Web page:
Helping America's Most Vulnerable

Ben Nye, Hospice Graduate and Volunteer

"Somebody put me on a path and I am going to follow it through…"


Ben Nye lives at Margaret Chase Smith House

He moves around in a wheelchair that he pulls, pushes and steers with his feet and sometimes his arms. He can stand up and walk without the chair for short periods of time, but his body can no longer do the work to hold him up for long.

Ben grew up near Moosehead Lake. He went to school in a two-room schoolhouse until 6th grade, then finished up high school in Greenville, Maine, population "around 1400." He worked in the woods industry for most of his youth and adult life, cutting and hauling wood to places like, "Stratton, Eustis, Pittston, Greenville, Jackman…" Names that evoke far-flung settlements separated by hundreds and hundreds of miles throughout Maine.

For a short while, he took a job as a caretaker for a "gentleman's farm estate" in Piscataquis County. They raised Belted Galloway cows and had Percheron horses, complete with a coach that had been in the Rosebowl parade. "We painted it all up so it looked new and bright, that was something," he says, shaking his head and laughing.

Along the way, Ben was hired as a "go-fer" at a welding shop where he "did everything but weld." Besides intense physical labor at the shop, he did all kinds of odd jobs: snowplowing, running errands, shoveling, and moving machinery. He did all the work that others weren't strong enough to do.

After a 4 year stint with the Army Engineering Division, he came back to Maine and moved into his family home. Heavy drinking led to life-threatening health problems and he had to stop working. Depression sank in and his drinking got worse. He couldn't clean his home or care for himself. As he puts it, "My body just gave out. I was a festering mess."

One day in July 2014, his sister found him and called an ambulance. He was taken to The Veterans Home Hospital in Bangor. They could not care for him and sent him to Togus where he was admitted into Hospice.

"It used to be an asylum," Ben says, "the word 'Togus' means clear water. There were mineral springs on the land. It was a place where troubled and injured people would come to live until they were cured."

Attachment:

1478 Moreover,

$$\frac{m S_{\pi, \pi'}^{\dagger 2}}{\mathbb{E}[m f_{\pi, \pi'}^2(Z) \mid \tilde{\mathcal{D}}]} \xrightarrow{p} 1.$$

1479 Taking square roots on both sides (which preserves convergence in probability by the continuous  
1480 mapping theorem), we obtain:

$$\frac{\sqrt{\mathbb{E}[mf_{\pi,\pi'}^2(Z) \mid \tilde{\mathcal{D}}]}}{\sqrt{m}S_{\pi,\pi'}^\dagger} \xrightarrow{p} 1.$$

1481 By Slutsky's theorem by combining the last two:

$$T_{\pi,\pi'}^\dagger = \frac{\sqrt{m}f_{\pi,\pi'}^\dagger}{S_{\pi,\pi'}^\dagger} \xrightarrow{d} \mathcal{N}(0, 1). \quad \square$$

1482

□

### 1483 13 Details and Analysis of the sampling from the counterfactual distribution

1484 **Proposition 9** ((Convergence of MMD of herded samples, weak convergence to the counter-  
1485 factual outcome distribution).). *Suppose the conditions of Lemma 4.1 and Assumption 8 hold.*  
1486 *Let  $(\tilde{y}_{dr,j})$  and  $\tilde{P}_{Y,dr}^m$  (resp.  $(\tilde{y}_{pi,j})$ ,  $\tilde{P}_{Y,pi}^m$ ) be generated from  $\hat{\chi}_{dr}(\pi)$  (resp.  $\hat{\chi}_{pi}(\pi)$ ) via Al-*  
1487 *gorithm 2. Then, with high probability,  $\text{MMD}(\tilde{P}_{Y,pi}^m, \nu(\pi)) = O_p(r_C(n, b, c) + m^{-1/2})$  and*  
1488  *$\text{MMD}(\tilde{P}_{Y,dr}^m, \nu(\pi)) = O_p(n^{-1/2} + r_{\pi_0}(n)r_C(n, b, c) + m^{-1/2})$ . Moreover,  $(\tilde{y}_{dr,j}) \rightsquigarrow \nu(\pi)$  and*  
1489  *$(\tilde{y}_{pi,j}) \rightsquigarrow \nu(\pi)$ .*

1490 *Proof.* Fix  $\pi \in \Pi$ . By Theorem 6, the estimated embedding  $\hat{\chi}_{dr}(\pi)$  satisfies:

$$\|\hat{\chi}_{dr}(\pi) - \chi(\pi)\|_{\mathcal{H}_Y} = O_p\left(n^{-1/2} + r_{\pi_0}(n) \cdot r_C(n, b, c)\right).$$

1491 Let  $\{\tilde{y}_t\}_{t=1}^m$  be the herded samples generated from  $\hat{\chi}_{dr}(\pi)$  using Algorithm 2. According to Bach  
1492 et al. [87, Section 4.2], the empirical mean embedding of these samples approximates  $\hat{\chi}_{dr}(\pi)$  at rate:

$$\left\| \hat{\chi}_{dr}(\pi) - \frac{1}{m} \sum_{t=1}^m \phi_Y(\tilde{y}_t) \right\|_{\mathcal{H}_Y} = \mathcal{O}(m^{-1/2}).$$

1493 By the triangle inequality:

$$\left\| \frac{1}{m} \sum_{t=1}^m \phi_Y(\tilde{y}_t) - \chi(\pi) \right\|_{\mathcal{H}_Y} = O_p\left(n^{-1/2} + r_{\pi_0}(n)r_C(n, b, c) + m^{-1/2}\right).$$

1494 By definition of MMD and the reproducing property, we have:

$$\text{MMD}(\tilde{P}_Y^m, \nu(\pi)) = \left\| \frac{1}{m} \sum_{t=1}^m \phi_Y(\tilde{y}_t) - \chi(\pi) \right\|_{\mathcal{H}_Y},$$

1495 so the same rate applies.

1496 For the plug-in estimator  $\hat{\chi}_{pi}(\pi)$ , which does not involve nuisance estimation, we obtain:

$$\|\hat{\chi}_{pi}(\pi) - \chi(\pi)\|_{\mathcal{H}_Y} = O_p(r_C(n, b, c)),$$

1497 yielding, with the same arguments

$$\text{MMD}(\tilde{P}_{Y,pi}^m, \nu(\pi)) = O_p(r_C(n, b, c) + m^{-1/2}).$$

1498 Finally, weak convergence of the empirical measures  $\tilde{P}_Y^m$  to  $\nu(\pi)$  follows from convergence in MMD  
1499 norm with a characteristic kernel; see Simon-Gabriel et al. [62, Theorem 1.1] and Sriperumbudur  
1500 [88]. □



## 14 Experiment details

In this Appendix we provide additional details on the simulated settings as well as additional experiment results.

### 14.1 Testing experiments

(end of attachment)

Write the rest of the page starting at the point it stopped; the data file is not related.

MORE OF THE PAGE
Five to ten percent of patients who go into Hospice actually leave the program in better health. "Graduates" they are called, and Ben is one of them. He spent 10 months in Hospice where he quit drinking and his health steadily improved. It was time to find a new home.

A Hospice volunteer told Ben "wonderful things" he had heard about Volunteers of America's Margaret Chase Smith House (MCSH) in Augusta and they went for a visit. "I looked at a lot of places to live and when I saw this place, I knew it was my new home." With help from Hospice, MCSH's Resident Services Coordinator Carmen Daigle, and neighbors, Ben settled into his apartment in July 2015. Carmen helped get him set up with senior benefits and into the Buddy System and he began his new, "independent" life.

Ben rides the bus to Togus every week to volunteer and visit with Hospice patients. His job, he says, is to make people laugh in the midst of a hard life and many sad stories.

"You can tell when one of us dies (at Togus), you see them pushing a gurney covered with an American flag through the halls. One day I decided to get up out of my (wheel)chair and stand up to salute. Pretty soon everyone was doing it and those guys now get a proper send-off, the halls lined with everyone standing at attention and saluting." He is proud of the tradition he started. "Somebody put me on a path so I'm going to follow it through."

At Margaret Chase Smith House, he says, "It's been an adjustment. I'm not out in the woods anymore, people are right up close to their neighbors so we know each other's business, but that is a good thing, we can help each other out." And they do. His neighbors say he is kind and funny and helpful. He says the same about them. "That's what it's all about."